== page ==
Aldridge was indicted for robbery under OCGA § 16–8–40(a)(1) and (2), which provide that “[a] person commits the offense of robbery when, with intent to commit theft, he takes property of another from the person or the immediate presence of another ․ [b]y use of force” or “[b]y intimidation ․ [which places] such person in fear of immediate serious bodily injury to himself [.]” Aldridge was charged with aggravated assault under OCGA § 16–5–21(a)(1), which provides that “[a] person commits the offense of aggravated assault when he or she assaults ․ [w]ith intent to ․ to rob[.]”
In determining whether the evidence was sufficient to support Aldridge's convictions for robbery and aggravated assault,
we view the evidence in the light most favorable to the verdict, with the defendant no longer enjoying a presumption of innocence. We neither weigh the evidence nor judge the credibility of witnesses, but determine only whether, after viewing the evidence in the light most favorable to the prosecution, a rational trier of fact could have found the essential elements of [each] crime beyond a reasonable doubt.
(Citations and punctuation omitted.) Sidner v. State, 304 Ga.App. 373, 374 (696 S.E.2d 398) (2010).
Applying these principles, we conclude that the evidence presented at trial and summarized above—including the facts that Aldridge was advised that the mattresses belonged to Sewell and that Aldridge used force and intimidation to obtain one (if not all) of the mattresses that he took from Sewell's immediate presence—was sufficient to authorize a rational jury to find Aldridge guilty beyond a reasonable doubt of robbery and aggravated assault. See Jackson, supra.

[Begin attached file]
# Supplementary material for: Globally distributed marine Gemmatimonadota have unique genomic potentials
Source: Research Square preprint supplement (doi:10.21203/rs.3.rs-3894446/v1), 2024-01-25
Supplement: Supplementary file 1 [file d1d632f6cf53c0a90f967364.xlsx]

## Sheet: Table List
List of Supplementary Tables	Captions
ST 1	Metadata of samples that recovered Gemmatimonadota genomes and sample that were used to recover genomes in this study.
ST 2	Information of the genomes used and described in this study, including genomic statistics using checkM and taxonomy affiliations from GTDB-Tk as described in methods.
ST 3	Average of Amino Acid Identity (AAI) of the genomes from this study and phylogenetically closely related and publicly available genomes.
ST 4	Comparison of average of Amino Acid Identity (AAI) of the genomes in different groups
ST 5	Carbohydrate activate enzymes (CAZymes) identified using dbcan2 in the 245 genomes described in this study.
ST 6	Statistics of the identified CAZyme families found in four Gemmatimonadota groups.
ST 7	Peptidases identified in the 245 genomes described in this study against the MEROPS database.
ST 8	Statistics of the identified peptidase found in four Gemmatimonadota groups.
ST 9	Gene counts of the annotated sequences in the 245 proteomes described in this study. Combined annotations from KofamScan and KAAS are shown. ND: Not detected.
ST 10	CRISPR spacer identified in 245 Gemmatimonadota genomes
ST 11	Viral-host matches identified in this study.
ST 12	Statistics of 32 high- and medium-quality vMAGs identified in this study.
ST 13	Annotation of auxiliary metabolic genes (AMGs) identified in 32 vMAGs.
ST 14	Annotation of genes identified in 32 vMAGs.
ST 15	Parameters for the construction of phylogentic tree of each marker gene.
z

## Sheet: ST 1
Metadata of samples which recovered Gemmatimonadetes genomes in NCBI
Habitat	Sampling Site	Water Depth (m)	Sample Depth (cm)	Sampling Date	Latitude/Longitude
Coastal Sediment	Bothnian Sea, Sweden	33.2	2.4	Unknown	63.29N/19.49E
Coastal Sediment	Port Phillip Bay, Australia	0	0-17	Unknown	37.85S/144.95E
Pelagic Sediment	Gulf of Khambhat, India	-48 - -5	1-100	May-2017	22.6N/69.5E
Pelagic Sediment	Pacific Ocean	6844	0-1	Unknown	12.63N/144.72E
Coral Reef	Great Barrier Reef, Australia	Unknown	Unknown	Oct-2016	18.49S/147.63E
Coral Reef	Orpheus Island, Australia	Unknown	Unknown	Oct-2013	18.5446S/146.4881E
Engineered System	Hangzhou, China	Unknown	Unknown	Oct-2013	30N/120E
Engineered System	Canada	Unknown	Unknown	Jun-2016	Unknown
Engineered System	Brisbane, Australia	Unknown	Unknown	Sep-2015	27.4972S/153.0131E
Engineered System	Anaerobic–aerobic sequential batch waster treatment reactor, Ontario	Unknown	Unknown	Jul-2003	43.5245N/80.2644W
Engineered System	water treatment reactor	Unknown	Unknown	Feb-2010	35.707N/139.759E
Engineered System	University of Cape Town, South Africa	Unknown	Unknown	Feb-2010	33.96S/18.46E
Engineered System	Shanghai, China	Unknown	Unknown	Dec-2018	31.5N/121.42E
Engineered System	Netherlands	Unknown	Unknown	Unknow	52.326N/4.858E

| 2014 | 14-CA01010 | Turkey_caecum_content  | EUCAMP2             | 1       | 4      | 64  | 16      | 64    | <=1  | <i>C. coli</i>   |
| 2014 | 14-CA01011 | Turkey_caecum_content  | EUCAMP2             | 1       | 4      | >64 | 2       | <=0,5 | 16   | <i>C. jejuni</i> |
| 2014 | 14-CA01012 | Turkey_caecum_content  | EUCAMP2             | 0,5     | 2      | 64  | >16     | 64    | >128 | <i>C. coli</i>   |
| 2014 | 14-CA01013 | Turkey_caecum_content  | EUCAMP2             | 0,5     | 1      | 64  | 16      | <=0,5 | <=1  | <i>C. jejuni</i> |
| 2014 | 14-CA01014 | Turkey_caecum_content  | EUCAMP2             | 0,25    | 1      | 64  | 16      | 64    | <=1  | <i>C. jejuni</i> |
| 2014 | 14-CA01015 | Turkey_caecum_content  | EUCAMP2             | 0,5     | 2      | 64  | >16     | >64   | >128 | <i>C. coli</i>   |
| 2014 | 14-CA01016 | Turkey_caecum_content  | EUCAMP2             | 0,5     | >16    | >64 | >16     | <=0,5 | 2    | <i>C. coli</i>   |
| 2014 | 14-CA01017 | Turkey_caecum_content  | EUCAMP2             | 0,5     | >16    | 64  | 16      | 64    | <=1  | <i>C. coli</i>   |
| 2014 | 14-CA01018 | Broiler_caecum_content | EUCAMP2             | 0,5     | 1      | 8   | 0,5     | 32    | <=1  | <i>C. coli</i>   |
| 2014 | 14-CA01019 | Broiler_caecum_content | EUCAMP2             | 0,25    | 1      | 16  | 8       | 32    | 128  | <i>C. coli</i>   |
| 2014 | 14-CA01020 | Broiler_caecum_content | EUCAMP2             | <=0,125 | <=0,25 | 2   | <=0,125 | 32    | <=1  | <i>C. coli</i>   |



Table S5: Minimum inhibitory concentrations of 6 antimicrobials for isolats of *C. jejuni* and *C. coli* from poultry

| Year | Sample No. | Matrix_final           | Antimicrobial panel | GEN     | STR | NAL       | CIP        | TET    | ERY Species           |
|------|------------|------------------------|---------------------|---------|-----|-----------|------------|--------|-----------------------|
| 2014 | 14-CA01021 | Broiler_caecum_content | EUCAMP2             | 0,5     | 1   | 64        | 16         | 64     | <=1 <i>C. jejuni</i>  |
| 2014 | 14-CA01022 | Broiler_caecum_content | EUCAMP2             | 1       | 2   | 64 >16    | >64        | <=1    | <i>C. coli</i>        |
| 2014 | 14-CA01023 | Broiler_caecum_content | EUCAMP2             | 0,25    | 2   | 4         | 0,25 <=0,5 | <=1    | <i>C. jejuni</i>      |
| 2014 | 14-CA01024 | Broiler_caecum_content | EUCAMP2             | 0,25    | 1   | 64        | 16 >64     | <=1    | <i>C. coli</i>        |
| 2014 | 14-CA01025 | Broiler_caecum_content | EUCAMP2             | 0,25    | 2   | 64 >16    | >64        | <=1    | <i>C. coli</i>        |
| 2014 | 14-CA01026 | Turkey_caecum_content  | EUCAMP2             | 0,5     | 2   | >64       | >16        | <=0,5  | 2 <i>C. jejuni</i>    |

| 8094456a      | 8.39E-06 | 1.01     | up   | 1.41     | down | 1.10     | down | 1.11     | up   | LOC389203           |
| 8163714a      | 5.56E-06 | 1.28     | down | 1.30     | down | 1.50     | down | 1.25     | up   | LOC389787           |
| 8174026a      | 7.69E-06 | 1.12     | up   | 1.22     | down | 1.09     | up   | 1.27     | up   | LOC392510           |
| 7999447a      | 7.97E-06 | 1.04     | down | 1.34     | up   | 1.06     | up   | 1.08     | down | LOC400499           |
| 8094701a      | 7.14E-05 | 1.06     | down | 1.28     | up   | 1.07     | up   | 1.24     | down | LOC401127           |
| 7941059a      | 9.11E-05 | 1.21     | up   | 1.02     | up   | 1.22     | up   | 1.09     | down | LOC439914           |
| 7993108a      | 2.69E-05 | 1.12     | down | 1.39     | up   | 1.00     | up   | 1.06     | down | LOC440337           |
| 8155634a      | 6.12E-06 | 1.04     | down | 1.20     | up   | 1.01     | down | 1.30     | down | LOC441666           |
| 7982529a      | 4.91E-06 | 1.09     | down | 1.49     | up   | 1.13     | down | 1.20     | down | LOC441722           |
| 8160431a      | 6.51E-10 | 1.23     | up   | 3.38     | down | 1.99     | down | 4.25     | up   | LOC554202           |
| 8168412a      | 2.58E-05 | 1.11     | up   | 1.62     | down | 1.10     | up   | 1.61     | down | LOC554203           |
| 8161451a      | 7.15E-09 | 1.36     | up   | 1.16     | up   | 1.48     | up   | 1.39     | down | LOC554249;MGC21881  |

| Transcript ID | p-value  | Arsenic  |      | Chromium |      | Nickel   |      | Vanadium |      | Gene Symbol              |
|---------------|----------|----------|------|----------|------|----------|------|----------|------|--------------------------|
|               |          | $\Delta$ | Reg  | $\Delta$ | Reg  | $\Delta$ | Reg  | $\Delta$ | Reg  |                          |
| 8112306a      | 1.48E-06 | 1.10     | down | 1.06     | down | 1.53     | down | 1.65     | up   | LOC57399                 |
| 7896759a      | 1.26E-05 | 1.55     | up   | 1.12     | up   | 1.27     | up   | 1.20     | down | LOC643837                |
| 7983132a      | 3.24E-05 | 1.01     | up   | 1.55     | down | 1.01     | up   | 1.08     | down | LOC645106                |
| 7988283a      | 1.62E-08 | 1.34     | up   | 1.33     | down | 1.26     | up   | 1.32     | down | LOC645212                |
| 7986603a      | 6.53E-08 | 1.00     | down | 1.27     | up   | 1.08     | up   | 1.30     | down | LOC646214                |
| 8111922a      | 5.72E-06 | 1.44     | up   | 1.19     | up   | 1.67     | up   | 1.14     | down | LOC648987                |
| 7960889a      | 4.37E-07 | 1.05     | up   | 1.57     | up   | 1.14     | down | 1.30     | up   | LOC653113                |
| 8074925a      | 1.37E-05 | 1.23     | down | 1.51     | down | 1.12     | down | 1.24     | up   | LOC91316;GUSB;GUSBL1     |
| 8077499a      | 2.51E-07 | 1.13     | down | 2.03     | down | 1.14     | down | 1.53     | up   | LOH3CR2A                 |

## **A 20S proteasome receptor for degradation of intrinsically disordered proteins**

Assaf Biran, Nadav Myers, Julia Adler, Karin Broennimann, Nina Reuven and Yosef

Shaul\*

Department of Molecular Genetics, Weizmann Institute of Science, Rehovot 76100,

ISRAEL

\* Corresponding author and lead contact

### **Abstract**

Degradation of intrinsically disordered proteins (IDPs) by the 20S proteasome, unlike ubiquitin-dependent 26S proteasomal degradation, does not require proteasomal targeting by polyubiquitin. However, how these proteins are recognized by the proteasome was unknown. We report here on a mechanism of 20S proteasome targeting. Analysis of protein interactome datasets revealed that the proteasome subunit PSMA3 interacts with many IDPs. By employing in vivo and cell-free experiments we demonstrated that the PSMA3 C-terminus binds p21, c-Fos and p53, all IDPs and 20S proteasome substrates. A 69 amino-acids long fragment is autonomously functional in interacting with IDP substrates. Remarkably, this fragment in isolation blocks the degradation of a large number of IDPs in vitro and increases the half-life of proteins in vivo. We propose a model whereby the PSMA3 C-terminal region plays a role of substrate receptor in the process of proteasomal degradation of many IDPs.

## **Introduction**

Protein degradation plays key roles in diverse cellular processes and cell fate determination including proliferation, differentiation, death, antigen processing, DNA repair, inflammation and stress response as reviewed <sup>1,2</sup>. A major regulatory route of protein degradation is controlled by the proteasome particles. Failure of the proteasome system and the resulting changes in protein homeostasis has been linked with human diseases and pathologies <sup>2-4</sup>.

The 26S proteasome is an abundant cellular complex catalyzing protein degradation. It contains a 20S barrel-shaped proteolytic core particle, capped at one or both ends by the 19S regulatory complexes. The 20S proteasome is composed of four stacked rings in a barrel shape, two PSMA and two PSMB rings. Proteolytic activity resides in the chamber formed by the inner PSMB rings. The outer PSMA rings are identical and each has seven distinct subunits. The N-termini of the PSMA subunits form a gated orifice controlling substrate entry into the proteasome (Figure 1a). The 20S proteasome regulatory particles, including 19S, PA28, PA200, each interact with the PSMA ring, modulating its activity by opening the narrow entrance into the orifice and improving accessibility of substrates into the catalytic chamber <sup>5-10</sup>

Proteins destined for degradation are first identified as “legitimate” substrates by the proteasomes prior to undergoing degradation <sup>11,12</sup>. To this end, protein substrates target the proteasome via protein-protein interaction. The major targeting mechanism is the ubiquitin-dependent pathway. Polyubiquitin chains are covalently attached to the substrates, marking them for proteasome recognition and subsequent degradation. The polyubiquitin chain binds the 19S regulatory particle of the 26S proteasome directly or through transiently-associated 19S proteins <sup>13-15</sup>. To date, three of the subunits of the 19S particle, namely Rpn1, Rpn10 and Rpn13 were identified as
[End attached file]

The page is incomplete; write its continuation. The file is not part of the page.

2. Aldridge also contends that Sewell's testimony concerning Aldridge's statement to the effect that “you do not want to mess with me, I have served time” was irrelevant, lacked probative value, and impermissibly placed his character in issue. We discern no error.
Aldridge made a pretrial motion in limine seeking to exclude, inter alia, any testimony concerning this statement. The motion was addressed just prior to the start of the trial and, after considering the arguments of counsel, the trial court found that the statement was relevant to show “the intimidation factor” of the robbery offense, and that its probative value outweighed its prejudicial effect.
On appeal, Aldridge argues that his statement, which was made to Sewell on the day before the incident, was irrelevant and had no probative value regarding intimidation because there was no evidence that he used force or intimidation at the time he took the mattresses. For the reasons stated in Division 1, this argument lacks merit.
Furthermore, it is apparent from Aldridge's statement that he sought to intimidate Sewell by suggesting that he would resort to violence if Sewell later tried to prevent him from taking any of the mattresses. “Evidence that is relevant and material to an issue in a case is not rendered inadmissible merely because it incidentally places the defendant's character in issue.” (Citation and punctuation omitted.) Evans v. State, 288 Ga.App. 103, 108(3)(a) (653 S.E.2d 520) (2007). As the statement was relevant to show Aldridge's intent, state of mind, and course of conduct for the subsequent robbery, it was admissible even though it may have incidentally placed his character in issue. See generally Millis v. State, 196 Ga.App. 799, 799(1) (397 S.E.2d 71) (1990). Accordingly, the trial court did not abuse its discretion in admitting the statement.
1. Jackson v. Virginia, 443 U.S. 307 (99 SCt 2781, 61 LE2d 560) (1979).
2. Aldridge does not challenge the sufficiency of the evidence supporting his battery and criminal trespass convictions.
BARNES, P. J., and MILLER, J., concur.